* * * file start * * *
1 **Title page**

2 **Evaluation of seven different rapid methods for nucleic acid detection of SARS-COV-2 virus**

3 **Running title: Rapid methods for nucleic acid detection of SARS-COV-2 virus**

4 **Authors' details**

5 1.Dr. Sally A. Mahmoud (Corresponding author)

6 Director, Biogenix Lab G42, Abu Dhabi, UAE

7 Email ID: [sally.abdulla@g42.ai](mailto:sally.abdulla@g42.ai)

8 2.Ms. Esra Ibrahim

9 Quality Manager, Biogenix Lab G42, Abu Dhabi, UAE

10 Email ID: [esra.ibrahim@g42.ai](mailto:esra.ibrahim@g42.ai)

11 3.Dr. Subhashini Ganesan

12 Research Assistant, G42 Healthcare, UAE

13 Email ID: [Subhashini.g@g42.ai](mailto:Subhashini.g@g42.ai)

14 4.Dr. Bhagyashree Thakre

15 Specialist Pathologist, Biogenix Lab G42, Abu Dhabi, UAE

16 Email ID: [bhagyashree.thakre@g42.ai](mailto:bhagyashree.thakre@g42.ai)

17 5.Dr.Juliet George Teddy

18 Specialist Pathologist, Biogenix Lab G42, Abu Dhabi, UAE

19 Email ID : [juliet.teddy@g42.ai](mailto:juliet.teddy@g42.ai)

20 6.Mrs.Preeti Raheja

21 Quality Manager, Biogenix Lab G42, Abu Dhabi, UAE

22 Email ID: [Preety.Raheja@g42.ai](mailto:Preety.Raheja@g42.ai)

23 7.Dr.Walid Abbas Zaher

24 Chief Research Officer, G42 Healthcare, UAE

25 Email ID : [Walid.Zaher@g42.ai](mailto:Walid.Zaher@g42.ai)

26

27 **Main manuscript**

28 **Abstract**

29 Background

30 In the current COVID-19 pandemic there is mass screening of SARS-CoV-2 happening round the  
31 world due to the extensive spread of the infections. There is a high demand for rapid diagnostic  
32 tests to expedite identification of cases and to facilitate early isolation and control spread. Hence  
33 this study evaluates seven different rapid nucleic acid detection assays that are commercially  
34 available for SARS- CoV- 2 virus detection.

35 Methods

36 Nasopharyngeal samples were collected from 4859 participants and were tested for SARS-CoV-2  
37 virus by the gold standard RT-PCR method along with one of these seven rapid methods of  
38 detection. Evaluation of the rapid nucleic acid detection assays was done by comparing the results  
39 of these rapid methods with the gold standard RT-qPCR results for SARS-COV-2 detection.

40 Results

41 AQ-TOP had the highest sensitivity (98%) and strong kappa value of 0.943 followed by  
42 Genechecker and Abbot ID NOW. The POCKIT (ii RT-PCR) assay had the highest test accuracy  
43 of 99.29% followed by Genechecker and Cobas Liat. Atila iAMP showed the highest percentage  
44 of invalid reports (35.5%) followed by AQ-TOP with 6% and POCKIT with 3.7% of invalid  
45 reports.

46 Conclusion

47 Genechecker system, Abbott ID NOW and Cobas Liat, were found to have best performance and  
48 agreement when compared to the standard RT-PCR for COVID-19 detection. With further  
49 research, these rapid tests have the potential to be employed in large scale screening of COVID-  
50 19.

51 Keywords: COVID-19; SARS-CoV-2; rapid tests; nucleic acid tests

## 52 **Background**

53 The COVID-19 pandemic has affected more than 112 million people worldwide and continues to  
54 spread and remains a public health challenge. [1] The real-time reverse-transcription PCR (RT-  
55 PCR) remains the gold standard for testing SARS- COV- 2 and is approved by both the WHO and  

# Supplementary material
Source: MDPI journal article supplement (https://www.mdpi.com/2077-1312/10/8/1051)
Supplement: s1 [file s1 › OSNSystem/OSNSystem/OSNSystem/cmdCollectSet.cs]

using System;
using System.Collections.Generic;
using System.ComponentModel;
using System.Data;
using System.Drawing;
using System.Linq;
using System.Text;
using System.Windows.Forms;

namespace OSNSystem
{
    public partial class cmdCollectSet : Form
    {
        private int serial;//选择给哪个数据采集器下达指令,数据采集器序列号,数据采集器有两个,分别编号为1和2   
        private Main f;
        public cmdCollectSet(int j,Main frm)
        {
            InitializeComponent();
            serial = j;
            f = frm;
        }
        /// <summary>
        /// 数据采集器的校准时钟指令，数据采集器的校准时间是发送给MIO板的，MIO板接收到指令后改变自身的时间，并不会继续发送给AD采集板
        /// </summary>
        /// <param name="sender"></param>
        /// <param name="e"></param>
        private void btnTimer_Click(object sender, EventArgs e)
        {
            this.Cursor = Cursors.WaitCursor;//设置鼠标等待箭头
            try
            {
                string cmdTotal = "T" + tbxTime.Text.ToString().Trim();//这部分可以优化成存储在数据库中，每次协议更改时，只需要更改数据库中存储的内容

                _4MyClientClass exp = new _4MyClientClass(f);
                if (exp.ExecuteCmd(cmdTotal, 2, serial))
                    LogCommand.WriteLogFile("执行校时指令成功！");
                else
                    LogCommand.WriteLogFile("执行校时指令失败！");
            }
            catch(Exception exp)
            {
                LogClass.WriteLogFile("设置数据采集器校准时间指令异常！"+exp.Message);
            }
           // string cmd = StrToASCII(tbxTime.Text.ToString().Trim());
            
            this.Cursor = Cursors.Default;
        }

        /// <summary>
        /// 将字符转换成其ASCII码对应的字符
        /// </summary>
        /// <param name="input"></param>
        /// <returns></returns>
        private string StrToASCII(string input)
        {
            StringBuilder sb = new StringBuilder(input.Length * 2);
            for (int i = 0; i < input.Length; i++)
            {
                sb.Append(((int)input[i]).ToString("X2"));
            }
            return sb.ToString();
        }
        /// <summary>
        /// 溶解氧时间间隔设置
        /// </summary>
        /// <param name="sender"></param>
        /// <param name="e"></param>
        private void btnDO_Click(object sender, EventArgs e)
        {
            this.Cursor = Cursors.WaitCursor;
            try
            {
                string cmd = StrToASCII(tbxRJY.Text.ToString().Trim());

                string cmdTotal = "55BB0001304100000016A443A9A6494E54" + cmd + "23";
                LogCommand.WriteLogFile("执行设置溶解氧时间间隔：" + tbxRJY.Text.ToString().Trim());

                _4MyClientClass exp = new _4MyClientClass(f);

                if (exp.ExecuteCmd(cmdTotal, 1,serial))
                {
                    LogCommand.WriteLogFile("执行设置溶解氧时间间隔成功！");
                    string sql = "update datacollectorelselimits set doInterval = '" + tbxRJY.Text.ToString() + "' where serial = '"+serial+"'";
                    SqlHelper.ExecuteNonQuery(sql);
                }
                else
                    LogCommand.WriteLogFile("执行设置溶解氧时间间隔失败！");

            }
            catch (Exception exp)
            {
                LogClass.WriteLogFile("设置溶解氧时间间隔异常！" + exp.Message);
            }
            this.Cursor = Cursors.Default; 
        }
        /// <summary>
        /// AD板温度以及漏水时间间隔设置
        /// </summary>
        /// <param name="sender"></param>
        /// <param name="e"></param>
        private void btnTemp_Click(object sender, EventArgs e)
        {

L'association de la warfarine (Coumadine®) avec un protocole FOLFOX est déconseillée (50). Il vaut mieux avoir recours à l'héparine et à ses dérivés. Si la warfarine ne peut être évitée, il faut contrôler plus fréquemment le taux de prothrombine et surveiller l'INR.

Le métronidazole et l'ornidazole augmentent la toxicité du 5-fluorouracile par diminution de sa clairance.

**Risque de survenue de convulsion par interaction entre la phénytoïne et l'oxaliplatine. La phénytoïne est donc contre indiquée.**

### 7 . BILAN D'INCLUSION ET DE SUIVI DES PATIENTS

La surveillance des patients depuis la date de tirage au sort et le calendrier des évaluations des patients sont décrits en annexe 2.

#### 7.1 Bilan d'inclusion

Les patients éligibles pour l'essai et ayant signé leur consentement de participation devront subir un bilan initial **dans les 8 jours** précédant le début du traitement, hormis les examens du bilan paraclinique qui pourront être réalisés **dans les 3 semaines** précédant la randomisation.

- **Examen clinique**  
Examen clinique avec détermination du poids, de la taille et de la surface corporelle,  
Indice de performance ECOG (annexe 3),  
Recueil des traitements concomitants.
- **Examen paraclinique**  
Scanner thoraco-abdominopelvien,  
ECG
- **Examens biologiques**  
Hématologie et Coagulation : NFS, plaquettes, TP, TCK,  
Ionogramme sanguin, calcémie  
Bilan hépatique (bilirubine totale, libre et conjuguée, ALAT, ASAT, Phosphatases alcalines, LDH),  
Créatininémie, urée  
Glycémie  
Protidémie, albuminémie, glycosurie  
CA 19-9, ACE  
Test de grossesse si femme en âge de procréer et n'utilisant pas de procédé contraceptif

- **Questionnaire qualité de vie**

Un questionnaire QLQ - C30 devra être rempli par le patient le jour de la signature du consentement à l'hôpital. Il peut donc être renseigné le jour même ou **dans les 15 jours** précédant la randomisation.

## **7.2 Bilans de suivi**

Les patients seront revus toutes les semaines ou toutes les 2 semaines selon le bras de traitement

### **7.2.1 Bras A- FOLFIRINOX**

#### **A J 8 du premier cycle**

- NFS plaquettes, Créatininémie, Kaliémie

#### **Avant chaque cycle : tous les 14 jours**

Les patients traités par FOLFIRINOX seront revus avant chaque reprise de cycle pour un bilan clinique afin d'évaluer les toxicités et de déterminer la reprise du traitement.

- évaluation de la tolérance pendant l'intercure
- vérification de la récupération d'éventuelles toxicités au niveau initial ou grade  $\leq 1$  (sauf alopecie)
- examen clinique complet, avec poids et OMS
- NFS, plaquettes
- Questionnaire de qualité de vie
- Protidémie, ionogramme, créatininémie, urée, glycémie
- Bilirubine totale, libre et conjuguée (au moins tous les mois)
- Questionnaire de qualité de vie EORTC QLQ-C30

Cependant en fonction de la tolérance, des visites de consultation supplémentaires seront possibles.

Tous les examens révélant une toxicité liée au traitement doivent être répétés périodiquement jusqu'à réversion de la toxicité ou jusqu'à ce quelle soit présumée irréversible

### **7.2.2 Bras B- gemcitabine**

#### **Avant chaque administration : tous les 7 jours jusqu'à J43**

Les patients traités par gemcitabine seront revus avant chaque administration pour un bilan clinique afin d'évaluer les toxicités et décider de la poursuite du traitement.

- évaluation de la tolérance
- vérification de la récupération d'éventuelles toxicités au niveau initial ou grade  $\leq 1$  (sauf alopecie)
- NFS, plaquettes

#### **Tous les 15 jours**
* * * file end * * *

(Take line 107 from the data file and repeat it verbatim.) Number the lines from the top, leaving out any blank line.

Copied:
        /// <returns></returns>